Published: 06:00, 12 July 2020
A little known post-war tragedy took the lives of four servicemen but it was caused entirely by accident.
Four men of the 509th Port Battalion of the US Transportation Corps were at Walmer Railway Station filling a petrol tanker with fuel salvaged from a wrecked ship off Deal on September 12, 1945.
Somebody nearby was smoking a cigar and vapour ignited with a spark.
The tanker exploded and a huge fire broke out at the goods shed, but the four men, who had been based at the nearby village of Ringwould, did not stand a chance.
All four, who were African Americans from Carolina and Virginia, perished. Another nine were badly burned.
Saturday, September 12 will mark the 75th anniversary of the tragedy and plans are in place to remember those who died.
Historian Phil Eyden is leading the commemorative project which includes a plaque unveiling and publication of an information brochure. But because of coronavirus and social distancing, the unveiling service has been put back to the same day in September 2021.
He has extensively researched the incident and revealed: "The Deal Fire Brigade turned up in minutes and managed to contain the fire within an hour.
"The bodies were taken off to the local Royal Marines barracks and five days later given a send-off by a US Army preacher.
"Two of the men were buried in Cambridge in the UK and two were repatriated back to the US."
All four of the men were been identified as:
Mr Eyden said: "Their unit had been created in July 1943 and given basic military drill and combat training. However, their role was primarily dock off-loading duties and they were not expected to enter into combat.
"They arrived in Britain in February 1944 and worked at the docks at Clyde and then to Swansea in May. "Following D-Day on June 6, they landed in Normandy on June 25 and worked on manhandling goods and fuel from transport ships to be transported to the front lines a few miles away.
"From August 1944 they spent the war at Rouen port undertaking Stevedore duties.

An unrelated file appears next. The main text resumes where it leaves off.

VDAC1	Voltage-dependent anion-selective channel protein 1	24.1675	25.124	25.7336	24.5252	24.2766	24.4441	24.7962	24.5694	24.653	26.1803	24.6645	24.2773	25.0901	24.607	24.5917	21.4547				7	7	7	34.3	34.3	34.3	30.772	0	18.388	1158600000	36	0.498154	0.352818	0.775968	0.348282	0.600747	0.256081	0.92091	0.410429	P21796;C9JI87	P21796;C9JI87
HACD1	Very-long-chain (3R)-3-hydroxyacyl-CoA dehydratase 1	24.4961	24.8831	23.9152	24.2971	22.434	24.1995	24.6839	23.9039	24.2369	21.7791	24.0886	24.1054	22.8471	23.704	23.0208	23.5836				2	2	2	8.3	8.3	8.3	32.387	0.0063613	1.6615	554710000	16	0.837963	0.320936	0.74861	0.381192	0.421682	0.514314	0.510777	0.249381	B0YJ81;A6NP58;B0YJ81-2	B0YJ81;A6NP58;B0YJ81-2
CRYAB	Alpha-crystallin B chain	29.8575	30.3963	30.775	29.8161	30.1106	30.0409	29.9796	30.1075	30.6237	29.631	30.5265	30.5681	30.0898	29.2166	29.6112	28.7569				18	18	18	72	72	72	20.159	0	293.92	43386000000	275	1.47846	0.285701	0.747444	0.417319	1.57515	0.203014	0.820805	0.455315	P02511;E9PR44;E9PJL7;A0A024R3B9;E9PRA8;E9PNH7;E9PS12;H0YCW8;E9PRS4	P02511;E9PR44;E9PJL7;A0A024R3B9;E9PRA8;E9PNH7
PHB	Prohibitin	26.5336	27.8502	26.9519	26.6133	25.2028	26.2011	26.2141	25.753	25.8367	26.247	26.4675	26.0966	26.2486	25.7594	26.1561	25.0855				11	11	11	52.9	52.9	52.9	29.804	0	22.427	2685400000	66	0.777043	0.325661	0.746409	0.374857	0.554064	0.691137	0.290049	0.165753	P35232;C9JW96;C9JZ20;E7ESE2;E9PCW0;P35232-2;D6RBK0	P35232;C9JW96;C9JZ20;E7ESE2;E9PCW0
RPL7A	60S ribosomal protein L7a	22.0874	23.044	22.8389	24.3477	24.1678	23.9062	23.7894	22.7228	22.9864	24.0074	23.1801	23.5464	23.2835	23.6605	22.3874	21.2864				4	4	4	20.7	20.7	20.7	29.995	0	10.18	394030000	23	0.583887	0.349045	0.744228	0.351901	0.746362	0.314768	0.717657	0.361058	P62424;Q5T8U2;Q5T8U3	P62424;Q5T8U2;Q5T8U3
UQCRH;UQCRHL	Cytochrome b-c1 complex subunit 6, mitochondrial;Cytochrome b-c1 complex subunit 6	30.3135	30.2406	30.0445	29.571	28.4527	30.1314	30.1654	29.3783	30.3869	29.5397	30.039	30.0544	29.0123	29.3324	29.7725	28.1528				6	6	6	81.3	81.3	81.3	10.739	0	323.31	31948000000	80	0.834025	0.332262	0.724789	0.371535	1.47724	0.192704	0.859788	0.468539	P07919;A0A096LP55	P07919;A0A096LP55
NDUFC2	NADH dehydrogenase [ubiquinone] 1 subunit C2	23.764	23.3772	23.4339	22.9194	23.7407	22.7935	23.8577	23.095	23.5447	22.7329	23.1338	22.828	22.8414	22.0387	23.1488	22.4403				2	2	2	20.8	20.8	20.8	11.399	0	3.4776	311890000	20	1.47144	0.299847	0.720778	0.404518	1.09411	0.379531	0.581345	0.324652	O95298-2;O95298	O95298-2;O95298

"After VE Day, in the summer they were brought to Ringwould near Deal, and housed in a US army camp near Oxney Bottom.
"There they were employed shifting fuel from the wrecked Liberty Ship SS James Harrod to Walmer Station, and that’s when the disaster happened."
The story of the SS James Harrod is also tragic, says Mr Eyden.
Launched on March 3, 1943, she was transporting goods from Southampton to Antwerp when on January 16 1945 she collided with another ship anchored in the Downs off Deal.
An explosion happened and four men were killed, three seamen and a gunner.
The ship was towed towards Kingsdown where she beached, but a day later a storm blew her to the Malm Rocks off Deal Castle.
She remained lay as the salvage operation took place, culminating in the Walmer station tragedy.
Mr Eyden hoped to have a memorial service at Walmer Station on the 75th Anniversary in September and started a crowdfunding campaign for funds towards purchasing the 3ft memorial plaque.
But because of earlier uncertainty about mass gatherings and quarantine arrangements for people entering the country to pay their respects, the gesture has been put back a year.
Fundraising continues and Mr Eyden added that the plaque at the station and the specially written publication will cover both the Walmer Station and the Liberty Ship SS James Harrod tragedies.
"Contributions have already been received from Walmer Parish Council, the American Legion, Southeastern Trains and the Walmer Lions to fund this, but any donations from the public are welcome," he said.
Donations can be made by clicking here.
Phil Eyden is a researcher and tour guide for the Dover Western Heights Preservation Society.
He has written on subjects ranging from Dover's Forgotten Commando Raid (Operation Abercrombie), and Dover's Western Heights in the First World War.
In 2016 he was voted winner of the People of Dover Awards for outstanding contribution to understanding local heritage by public vote.
More by this authorBeth Robson
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